Harvard economics professor and New York Times guest columnist Edward L. Glaeser uses the word "smart" 10 times in his column today about how Seattle is the shiznit.
Glaeser, also the author of Triumph of the City, a book about how the modern city is just a swell idea, sees Seattle as a model of the future--one that shows the "benefits of concentrating smart people in dense cities."
As the 2010 Census rolls out, much of the attention of news organizations is focused on the continuing growth of Texas and Florida, but there is much to be learned from the less extreme, but still significant, population growth in less sunny places, like Seattle.
He recounts how Jet City evolved through the ages, from timber to airplanes to retail and technology. He praises the dense architecture for "enabl(ing) ideas to flow freely" and the big corporations for "empowering employees." He notes that college-degree holders are a majority in the city, and personal income and personal productivity are higher than the national average.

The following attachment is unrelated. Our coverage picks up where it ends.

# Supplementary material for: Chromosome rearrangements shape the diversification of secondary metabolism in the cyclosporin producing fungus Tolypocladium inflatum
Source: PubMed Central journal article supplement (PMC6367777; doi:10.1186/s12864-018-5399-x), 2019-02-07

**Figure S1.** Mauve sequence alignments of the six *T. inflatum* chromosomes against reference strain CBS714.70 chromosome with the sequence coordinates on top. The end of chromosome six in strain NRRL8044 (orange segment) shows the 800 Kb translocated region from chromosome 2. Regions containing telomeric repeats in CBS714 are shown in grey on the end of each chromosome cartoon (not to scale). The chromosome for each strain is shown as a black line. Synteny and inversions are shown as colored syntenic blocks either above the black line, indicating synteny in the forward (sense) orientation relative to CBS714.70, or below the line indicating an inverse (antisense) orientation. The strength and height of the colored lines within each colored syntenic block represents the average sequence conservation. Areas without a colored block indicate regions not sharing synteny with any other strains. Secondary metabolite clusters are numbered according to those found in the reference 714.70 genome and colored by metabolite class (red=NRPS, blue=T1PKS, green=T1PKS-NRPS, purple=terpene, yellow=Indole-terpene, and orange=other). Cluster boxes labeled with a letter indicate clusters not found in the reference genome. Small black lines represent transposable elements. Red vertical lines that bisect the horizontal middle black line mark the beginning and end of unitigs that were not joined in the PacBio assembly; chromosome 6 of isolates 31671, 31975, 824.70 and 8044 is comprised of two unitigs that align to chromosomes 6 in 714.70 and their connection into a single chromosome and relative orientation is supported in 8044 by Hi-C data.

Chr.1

He thinks it's all so very smart:
A great paradox of our age is that despite the declining cost of connecting across space, more people are clustering together in cities. The explanation of that strange fact is that globalization and technological change have increased the returns on being smart, and humans get smart by being around other smart people.
Dense, smart cities like Seattle succeed by attracting smart people who educate and employ one another.
By the end of the piece, Glaeser's expertly performed blowjob of Seattle's collective intellect is quite satisfying. Indeed, I may read it again after a nap and a sandwich.